What is a Grip & What is Their Role on the Film Set?
Ever wondered who rebuilds the camera and related equipment on set? Grips have the responsibility of maintaining all equipment that supports the camera when on set. This includes static rigs, tripods, jibs, cranes, dollies, tracks and various other delicate parts of the operation. Think about the Grip this way: each scene that is filmed requires several cameras that are mounted on equipment that is extremely expensive and heavy duty yet essential to the role.
Grips are at the forefront of equipment assembly, ensuring that each piece is put together by specification and that it can be pushed, pulled, mounted, or hung properly from a variety of different settings. Sometimes Grips are responsible for maintaining equipment as basic as a tripod. Other times, they must embark on a hazardous journey to properly hang a camera from a helicopter that soars hundreds of feet above and dips through a cavernous mountain range. You really never know where a Grip may have to position a camera–and the sky is literally the limit.
Grips ensure smooth transitioning of camera moves while maintaining the artifice of film. They may work freelance but are generally requested by the Camera Operator of the Director of Photography for work on set. The hours are long, but the work is considered rewarding and fun by those who carry the Grip role.
Grip Job Requirements
Grips are responsible for positioning cameras in a way that proper movement is achievable and does not distract the actors and other crew members on set. They work closely with the Director, Director of Photography, and the Camera Operator throughout the shoot to ensure the cameras remain positioned properly. Grips are also responsible for wheeling the Dolly that carries the camera and the Camera Operator from one area to the next on set.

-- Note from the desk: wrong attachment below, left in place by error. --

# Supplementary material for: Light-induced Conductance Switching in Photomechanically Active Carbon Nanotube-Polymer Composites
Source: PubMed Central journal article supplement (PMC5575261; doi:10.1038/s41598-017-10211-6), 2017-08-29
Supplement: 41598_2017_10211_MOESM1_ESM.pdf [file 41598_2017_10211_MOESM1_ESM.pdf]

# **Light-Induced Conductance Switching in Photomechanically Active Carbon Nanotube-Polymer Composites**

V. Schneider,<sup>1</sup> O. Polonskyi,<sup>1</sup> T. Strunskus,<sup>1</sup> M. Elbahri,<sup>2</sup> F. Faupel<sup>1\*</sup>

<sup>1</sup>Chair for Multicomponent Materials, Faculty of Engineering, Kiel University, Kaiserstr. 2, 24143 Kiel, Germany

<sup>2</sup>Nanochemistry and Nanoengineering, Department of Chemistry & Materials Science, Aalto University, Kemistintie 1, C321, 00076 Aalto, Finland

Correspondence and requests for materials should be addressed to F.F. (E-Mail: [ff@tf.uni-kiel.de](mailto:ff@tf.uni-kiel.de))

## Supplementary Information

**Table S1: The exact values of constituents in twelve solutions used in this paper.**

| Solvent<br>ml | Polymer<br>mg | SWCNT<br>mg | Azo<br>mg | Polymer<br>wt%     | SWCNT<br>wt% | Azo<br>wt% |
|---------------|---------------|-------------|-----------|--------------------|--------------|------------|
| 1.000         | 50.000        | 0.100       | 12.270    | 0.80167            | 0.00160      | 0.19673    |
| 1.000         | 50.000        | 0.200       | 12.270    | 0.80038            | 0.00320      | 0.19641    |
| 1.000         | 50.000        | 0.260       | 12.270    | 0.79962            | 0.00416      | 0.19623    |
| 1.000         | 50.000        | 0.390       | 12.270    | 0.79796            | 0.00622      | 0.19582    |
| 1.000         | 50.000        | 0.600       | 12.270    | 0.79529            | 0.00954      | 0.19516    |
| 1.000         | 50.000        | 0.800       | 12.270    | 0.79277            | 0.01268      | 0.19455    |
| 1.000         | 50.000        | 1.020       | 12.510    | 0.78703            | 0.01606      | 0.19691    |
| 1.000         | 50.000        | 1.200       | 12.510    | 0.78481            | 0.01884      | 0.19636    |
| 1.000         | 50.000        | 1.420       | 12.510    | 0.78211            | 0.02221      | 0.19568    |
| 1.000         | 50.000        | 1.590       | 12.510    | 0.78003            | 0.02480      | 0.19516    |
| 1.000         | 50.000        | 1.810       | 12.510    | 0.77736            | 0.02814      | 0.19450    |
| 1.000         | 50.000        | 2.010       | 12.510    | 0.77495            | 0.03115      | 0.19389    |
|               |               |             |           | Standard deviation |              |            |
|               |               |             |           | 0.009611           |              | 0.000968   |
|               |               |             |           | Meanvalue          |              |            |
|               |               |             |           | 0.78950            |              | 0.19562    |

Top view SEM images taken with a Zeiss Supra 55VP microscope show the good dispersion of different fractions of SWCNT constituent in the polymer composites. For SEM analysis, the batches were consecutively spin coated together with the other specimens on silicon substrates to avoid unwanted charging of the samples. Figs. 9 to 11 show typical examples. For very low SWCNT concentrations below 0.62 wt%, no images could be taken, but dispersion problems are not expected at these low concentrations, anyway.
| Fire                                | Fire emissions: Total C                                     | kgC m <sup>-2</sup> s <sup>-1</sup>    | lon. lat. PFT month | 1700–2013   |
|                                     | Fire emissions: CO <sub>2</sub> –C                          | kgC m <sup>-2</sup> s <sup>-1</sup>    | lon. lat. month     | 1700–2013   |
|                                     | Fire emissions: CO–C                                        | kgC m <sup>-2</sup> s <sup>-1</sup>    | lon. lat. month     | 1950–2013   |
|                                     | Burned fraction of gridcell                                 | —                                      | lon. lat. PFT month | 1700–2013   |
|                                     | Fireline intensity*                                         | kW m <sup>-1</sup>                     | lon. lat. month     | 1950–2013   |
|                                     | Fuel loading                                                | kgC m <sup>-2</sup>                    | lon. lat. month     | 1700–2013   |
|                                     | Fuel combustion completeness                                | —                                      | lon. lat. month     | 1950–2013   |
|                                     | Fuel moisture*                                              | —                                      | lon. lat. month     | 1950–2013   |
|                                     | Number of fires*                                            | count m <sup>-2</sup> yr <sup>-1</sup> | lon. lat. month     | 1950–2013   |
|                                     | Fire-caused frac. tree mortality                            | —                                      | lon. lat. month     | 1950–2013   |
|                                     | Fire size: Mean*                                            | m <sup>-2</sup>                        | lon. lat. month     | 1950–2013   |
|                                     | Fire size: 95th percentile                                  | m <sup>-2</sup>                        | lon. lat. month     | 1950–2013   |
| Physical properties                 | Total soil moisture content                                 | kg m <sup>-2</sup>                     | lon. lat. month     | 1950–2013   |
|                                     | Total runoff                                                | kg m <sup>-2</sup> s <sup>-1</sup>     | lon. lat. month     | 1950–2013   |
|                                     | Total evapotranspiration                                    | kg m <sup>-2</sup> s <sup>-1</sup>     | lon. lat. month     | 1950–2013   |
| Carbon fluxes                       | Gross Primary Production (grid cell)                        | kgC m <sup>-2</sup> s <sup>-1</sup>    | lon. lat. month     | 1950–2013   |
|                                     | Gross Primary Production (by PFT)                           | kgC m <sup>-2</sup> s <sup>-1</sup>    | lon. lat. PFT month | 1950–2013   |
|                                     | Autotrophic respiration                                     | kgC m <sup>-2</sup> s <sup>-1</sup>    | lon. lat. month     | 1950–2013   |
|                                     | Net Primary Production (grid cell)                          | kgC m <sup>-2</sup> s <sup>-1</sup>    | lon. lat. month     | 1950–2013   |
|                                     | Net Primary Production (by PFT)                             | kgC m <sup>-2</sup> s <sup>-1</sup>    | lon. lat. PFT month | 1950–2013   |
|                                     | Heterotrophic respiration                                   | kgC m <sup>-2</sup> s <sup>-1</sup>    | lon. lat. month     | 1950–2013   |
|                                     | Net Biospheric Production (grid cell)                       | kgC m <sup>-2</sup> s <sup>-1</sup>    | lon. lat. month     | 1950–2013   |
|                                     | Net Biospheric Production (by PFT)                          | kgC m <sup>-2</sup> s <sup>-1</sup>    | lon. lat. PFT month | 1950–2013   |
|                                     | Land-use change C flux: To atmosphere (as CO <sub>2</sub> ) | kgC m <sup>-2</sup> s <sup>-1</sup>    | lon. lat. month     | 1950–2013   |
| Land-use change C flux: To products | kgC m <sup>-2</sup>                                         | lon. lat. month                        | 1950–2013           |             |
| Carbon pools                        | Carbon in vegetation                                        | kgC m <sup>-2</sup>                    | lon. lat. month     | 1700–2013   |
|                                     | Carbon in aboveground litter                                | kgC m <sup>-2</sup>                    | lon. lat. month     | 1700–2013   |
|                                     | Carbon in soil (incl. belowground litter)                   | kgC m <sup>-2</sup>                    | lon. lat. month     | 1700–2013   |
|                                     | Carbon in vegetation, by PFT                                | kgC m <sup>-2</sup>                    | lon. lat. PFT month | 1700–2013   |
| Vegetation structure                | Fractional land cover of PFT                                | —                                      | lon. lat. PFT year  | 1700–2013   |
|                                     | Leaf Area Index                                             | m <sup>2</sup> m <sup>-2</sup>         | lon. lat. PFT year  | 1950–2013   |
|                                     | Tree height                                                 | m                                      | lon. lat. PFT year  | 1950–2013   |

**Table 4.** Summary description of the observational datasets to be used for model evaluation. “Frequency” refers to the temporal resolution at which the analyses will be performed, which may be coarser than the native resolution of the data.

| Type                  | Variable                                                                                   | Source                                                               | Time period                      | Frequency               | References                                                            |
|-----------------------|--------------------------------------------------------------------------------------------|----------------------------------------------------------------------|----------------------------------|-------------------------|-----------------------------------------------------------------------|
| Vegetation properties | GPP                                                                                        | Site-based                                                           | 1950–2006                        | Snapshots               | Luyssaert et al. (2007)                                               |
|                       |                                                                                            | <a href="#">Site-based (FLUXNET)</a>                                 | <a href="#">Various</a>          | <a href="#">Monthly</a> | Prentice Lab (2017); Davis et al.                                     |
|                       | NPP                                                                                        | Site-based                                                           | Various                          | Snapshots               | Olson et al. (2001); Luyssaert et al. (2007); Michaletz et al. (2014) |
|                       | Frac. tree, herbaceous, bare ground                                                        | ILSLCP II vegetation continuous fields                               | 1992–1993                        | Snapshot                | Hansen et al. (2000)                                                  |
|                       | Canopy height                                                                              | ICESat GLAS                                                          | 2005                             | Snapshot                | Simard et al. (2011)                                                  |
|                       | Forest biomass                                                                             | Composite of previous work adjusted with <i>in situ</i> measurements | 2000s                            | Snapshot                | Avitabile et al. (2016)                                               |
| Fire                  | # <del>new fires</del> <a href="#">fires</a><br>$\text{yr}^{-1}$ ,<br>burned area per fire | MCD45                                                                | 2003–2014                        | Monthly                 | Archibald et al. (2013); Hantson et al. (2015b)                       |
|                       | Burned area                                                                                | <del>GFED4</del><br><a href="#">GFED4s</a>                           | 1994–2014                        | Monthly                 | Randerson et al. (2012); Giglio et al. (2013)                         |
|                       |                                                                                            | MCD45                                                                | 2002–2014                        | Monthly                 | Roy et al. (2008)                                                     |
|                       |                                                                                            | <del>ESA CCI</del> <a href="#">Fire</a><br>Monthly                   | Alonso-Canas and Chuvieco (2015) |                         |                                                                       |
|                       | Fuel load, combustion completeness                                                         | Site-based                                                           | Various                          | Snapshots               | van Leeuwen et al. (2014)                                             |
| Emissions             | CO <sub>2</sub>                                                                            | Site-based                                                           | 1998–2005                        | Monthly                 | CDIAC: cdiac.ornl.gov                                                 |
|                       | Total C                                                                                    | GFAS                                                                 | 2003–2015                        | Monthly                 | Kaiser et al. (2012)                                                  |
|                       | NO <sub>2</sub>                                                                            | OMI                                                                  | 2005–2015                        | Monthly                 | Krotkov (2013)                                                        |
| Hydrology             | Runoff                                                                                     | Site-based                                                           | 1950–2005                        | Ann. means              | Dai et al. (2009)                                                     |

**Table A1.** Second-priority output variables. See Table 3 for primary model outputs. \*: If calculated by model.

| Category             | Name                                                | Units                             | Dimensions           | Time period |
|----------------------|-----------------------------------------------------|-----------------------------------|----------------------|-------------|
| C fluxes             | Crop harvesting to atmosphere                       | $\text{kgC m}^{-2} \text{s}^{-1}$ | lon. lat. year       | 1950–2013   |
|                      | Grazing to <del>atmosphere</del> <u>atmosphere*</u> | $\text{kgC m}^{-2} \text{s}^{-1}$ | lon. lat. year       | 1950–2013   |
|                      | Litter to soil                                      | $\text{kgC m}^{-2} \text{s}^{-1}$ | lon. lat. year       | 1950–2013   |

Large projects, with multiple cameras and Camera Operators, will have a Key Grip and secondary Grips that work to provide additional camera support through the production. Regardless of film budget, Grips begin their work in the later stages of pre-production when they can join various department heads in carrying out technical recce. Grips may work with specialists to create specially made pieces of equipment that facilitate difficult camera placement and maneuvering in potentially hazardous locations, extreme weather situations, or dangerous terrain.
Grips and their team arrive early on shoot days to unload equipment and prepare for the day’s filming. They work with other Grips, Remote Head technicians, the Crane operator, and tracking car drivers as well as various construction standbys to ensure that everything is ready for the day’s shoot. Grips will set up necessary equipment after the Director has rehearsed actors and choreographed the appropriate shots.
If a crane is used in the filming, a minimum of two Grips are hired to work closely with the crane operator to ensure proper mounting and movement of the cameras. Grips must be prepared to provide assistance when the camera starts to roll, anticipating camera movements. The also prepare the camera set up for the following day’s shoot, taking care to oversee proper packaging and placement of camera and support equipment at the commence of the shoot day.
Grips Essential Skills
Grips have strong working knowledge of cameras and the equipment used to support the camera crew. They are technical and mechanically inclined, with the ability to assemble and disassemble equipment quickly and efficiently. They generally have a passion for creativity with a technical side that allows them to see through effective solutions to problems on set.
Additional skills may include:
- Strong leadership and ability to work well with others.
- Steady focus and ability to respond quickly to problems while devising solutions on set.
- Strength and stamina to endure long working hours in various elements.
- Ability to lift heavy equipment and pull equipment safely.
Strong knowledge of occupational safety and health requirements to ensure their own safety and the safety of others on set.
Crash Course made an excellent animated video explaining just what a Grip and Electric are:
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